I know it's idealistic, but imagine a world where 50% of all corporate profits went to improving the world instead of lining rich people's pockets. Just for one second think how different America (and the world) could be if a company's success was determined by how much good it did instead of how many dollars it earned. Imagine what those trillions of dollars could do. It's simple to do, just nobody has the balls!
     
  7. pdqgp, Aug 12, 2016
    Last edited: Aug 12, 2016

    pdqgp macrumors 68020

    pdqgp

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    #8
    Morality in business is a factor but if the business fails then it really doesn't matter now does it? The fact that companies are going off-shore and moving their manufacturing, etc. isn't immoral, it's business pure and simple. It's not their fault either as many would stay here if it wasn't such a disadvantage to do so. That's the whole point of trade deals and taxes, etc. to help balance out profitability and global reach while maintaining a workforce that benefits the homeland.

    Likewise we have no moral compass to worry about whether the people in China have jobs, especially if it's at the cost of our people. That's where America First comes in.

    Not going to happen. The executives aren't going to take a hit just to save the little guy when the reasons for all this aren't necessarily their fault. Trump is not wrong in that our administrations and leadership teams are not the brightest ones out there to be making these deals.

    Americans have become a people of consumption and entitlements. We make far less here than we used to and instead let others do the work. There's also a group or mindset that thinks everyone is entitled to a middle class or higher lifestyle just because. So when the workers at a widget factory go on strike because they want more money and the cost of negotiating or keeping them in check become too much, a company will shut the whole damn thing down and move.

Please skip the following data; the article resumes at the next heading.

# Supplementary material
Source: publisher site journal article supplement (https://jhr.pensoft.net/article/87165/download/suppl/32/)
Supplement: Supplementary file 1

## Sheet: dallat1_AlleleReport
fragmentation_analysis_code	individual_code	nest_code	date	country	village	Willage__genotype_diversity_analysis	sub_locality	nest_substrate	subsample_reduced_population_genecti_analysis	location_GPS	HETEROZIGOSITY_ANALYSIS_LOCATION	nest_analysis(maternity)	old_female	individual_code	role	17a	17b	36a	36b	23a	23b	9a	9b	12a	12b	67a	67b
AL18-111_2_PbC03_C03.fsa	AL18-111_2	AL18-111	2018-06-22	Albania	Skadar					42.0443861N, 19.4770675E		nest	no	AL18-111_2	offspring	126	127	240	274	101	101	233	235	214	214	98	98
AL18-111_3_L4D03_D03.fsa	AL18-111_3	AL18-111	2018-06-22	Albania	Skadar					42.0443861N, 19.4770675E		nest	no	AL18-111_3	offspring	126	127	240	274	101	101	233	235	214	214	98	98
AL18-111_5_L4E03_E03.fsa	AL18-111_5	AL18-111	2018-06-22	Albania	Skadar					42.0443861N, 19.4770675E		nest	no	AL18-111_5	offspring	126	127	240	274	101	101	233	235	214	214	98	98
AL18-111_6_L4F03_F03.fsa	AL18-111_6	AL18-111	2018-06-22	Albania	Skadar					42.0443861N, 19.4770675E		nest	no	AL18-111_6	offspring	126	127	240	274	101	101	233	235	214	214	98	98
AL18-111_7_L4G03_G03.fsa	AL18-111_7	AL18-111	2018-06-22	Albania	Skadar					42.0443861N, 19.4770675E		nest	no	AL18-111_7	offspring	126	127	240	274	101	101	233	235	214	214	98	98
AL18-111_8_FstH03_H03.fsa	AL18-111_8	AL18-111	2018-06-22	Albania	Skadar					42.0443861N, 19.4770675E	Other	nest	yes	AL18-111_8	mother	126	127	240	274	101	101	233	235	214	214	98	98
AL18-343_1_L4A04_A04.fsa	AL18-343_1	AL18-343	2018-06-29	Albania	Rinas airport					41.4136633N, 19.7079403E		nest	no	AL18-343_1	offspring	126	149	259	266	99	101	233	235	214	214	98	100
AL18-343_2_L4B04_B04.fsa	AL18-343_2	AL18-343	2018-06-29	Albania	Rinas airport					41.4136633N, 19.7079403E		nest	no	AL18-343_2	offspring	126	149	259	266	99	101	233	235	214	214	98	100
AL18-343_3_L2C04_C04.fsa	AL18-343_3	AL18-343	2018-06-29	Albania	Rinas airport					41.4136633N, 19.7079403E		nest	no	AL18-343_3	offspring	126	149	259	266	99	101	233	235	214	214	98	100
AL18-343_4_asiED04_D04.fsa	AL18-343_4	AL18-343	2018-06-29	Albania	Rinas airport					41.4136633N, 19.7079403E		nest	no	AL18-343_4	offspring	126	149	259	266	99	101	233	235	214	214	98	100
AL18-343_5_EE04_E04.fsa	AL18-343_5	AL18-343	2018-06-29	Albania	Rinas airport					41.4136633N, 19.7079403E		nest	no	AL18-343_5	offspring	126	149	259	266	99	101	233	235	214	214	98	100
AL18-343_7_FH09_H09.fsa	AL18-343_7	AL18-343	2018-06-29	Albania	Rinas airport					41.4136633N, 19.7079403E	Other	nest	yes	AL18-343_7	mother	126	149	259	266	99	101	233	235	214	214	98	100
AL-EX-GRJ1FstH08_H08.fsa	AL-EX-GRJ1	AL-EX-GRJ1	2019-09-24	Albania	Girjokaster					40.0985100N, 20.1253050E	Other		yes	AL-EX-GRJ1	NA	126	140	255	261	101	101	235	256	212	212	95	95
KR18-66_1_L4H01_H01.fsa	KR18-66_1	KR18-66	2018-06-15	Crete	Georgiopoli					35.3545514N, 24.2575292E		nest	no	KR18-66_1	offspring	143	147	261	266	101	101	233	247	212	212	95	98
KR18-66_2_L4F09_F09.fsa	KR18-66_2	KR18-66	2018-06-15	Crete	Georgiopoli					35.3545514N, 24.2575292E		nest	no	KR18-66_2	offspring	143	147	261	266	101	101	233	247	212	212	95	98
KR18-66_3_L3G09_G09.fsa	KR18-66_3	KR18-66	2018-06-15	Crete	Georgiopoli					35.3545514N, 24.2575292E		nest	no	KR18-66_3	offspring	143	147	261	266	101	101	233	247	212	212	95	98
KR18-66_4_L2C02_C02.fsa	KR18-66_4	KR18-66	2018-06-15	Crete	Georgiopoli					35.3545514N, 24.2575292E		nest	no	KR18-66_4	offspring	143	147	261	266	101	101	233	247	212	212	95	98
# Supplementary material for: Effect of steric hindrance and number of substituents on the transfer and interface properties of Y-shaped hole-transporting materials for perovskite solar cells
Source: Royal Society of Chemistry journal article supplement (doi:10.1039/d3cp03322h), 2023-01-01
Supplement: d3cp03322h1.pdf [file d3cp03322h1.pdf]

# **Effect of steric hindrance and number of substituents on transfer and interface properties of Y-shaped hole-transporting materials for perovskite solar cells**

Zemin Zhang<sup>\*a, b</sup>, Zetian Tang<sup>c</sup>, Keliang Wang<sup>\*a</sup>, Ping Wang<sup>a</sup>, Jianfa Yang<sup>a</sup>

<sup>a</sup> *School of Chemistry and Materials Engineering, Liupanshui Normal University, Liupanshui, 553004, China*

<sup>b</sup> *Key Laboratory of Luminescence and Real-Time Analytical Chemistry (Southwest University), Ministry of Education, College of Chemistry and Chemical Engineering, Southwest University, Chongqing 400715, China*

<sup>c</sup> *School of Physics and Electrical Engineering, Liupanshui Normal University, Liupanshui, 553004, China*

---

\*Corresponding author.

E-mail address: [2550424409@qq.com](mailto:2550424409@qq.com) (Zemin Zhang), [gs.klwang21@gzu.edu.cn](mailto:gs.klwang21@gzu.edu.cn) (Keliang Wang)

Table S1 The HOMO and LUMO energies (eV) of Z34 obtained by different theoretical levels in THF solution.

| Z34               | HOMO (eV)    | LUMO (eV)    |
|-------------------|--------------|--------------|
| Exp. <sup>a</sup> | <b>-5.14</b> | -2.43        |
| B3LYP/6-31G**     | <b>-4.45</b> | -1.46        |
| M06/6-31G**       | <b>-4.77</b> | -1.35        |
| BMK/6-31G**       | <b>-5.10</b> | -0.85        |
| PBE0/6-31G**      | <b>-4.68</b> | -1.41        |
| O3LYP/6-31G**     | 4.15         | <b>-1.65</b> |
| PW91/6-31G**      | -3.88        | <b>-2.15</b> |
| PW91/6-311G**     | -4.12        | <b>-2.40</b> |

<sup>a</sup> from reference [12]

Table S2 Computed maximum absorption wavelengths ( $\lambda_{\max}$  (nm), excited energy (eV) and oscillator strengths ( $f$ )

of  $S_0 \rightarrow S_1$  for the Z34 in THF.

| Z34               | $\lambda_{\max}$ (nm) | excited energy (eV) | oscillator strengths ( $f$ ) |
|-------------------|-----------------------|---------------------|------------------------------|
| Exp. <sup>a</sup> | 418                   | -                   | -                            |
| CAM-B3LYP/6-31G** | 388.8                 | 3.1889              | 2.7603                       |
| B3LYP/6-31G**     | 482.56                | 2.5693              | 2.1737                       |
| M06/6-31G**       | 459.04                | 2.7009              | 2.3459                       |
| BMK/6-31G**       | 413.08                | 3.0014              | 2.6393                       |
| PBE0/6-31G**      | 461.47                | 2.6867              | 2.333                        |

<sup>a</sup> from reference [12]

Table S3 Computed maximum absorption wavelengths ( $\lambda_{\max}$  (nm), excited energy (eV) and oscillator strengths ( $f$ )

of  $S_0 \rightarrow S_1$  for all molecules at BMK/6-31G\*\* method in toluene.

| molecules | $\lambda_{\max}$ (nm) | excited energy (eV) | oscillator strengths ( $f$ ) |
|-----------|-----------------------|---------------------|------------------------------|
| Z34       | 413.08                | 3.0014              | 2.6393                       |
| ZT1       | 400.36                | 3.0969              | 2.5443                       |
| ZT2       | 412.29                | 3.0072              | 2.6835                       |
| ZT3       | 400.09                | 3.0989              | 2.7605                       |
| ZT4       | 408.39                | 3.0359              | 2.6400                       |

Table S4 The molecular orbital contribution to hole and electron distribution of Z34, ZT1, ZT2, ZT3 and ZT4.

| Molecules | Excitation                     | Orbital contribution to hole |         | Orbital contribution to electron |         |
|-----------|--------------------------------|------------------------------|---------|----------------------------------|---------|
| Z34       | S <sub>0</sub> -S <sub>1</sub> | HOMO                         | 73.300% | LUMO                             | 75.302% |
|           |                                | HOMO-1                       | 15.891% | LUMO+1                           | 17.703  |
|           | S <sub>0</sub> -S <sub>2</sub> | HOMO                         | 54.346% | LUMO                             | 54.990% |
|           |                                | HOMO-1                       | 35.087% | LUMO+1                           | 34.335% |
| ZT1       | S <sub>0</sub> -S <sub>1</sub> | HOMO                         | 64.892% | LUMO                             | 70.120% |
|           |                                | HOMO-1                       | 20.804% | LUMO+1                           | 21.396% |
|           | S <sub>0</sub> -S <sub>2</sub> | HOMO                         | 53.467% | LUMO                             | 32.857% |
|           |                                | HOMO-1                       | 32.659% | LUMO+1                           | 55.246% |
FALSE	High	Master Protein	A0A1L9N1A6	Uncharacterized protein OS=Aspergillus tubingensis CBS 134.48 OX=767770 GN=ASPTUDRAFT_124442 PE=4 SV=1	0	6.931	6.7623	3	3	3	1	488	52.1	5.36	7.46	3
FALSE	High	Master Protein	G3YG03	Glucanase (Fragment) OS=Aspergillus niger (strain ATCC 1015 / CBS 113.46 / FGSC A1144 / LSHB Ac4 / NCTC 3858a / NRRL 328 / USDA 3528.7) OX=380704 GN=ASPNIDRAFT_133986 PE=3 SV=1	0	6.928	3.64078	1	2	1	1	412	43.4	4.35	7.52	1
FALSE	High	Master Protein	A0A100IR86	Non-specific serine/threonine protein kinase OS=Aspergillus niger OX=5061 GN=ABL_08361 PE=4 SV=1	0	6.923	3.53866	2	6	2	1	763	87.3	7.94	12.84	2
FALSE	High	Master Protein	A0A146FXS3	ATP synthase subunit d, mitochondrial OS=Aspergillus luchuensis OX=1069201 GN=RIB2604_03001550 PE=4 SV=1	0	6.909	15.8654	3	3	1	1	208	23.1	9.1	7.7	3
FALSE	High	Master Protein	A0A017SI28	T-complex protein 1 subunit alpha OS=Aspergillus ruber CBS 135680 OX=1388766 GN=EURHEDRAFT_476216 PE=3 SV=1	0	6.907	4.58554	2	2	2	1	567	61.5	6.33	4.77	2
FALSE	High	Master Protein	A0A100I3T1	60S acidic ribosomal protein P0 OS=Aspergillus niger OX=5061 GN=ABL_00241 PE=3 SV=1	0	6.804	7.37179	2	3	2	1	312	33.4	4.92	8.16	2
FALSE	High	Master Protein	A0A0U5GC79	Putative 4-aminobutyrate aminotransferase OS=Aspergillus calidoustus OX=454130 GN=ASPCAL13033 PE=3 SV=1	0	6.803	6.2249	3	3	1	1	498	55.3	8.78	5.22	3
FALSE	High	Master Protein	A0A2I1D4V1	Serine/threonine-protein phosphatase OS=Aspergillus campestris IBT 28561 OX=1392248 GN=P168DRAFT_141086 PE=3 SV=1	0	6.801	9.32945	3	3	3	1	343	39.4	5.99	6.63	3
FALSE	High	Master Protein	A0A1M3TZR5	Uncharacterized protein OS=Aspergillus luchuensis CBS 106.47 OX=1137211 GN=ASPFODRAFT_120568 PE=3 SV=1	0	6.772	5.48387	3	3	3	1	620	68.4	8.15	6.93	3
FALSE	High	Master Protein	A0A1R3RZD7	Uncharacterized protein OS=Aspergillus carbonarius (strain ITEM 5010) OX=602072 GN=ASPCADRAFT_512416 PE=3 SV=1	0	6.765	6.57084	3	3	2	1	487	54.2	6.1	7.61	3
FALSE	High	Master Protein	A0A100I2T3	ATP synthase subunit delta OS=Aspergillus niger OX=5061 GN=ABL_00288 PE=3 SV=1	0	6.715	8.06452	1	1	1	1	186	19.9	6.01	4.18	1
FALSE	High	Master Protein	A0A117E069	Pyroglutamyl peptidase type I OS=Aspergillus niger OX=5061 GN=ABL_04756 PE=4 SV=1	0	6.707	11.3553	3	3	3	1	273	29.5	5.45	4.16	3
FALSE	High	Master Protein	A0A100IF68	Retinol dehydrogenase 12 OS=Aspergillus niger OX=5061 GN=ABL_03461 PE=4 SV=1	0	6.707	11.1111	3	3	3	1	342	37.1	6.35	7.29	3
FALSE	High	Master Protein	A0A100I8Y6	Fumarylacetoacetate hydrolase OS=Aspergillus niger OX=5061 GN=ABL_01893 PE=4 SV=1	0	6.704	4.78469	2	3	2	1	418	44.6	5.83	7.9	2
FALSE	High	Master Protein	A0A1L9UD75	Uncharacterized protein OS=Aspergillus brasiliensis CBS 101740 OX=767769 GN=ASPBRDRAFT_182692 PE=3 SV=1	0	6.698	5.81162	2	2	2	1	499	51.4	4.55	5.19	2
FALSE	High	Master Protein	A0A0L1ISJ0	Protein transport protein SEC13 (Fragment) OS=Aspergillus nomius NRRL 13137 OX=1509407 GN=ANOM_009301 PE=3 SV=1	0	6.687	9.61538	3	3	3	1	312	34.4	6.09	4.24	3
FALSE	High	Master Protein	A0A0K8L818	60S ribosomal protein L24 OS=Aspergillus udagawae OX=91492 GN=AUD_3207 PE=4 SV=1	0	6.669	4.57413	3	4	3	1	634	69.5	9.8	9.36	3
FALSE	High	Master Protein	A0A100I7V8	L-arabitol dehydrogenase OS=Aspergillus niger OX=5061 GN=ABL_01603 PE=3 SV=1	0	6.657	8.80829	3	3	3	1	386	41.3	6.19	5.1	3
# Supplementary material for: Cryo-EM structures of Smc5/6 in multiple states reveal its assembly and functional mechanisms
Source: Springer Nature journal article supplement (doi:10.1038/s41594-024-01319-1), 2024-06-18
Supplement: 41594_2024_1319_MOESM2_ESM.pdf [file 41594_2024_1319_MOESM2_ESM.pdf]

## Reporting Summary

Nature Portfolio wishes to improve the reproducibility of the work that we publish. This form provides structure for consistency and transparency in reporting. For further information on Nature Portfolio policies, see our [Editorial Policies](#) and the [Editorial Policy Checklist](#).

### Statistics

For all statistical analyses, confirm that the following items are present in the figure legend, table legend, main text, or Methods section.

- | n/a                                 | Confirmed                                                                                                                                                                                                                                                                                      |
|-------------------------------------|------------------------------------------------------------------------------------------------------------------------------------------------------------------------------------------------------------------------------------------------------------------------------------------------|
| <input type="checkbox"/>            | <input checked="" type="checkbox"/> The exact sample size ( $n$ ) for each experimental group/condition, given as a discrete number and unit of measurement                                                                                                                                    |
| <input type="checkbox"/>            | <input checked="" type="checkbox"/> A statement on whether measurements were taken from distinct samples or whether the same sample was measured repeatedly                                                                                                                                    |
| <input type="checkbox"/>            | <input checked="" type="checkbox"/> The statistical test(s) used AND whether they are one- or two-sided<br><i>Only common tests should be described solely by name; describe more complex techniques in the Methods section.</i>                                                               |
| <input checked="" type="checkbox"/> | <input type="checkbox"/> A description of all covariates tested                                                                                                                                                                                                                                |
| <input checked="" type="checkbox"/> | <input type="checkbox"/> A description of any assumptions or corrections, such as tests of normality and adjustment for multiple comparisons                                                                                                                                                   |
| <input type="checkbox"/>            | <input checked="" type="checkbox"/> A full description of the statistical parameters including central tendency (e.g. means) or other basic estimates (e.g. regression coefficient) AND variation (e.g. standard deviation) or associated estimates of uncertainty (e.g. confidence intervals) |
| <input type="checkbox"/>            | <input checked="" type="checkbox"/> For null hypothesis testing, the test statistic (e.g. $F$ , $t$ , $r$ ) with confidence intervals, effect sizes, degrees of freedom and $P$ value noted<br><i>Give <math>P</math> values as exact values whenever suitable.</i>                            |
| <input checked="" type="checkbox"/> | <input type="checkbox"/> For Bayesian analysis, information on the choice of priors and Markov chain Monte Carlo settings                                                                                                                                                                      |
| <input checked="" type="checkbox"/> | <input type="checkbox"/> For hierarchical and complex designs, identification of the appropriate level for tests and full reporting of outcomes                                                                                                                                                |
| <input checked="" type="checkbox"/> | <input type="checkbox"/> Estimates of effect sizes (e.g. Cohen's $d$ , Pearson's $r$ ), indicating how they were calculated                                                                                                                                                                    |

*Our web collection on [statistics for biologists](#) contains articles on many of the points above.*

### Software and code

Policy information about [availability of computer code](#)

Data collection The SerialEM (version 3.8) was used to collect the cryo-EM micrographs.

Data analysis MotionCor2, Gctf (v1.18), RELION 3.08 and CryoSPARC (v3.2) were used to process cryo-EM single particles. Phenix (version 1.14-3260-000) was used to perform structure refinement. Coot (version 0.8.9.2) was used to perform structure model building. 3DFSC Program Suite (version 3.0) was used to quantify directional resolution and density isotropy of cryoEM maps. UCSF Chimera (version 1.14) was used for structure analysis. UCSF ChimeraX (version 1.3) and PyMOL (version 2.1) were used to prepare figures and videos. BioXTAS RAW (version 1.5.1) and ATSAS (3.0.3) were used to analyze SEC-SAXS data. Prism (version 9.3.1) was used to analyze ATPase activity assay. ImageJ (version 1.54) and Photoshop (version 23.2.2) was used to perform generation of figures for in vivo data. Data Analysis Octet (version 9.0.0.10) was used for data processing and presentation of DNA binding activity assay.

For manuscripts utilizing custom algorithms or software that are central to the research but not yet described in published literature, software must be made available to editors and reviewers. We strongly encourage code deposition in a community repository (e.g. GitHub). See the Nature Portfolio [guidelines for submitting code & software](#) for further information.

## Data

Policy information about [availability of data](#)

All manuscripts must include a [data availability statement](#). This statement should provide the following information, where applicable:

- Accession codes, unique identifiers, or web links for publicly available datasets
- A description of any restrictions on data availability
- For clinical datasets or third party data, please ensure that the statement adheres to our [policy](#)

Open the door of a Ford and see if it says assembled in Mexico. It may be as there's less regulatory BS to build a factory down there and the workers aren't union turds who think they are entitled to make $100kyr monitoring robots and putting cars together.
     
  8. vrDrew macrumors 65816

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    #9
    Globalization can be no more moral - or immoral - than gravity or natural selection. Globalization is the natural result of large companies seeking both wider markets, and lower costs for their products. It is a process that is driven more by technological changes such as the development of the container ship and international telephony than any deliberate Government or Corporate decision.

    Does globalization sometimes lead to harmful effects in various nations and regions? Absolutely. Closing a factory in Cleveland and moving the work to Mexico inevitably is going to result in lost jobs and lowered incomes in Ohio. But it also has positive benefits: Lowered costs for everyone who buys a car made using those parts.

    Government and society ought not to try to ban or artificially restrict the process. Instead, we ought to ensure that our own society has in place a social welfare system that ensures not only are the displaced workers cared for financially, and retrained to take new jobs - but also that we foster an economically vibrant economy that provides plenty of opportunities for them to put their new skills to work.
     
  9. Huntn thread starter macrumors G5

    Huntn

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    #10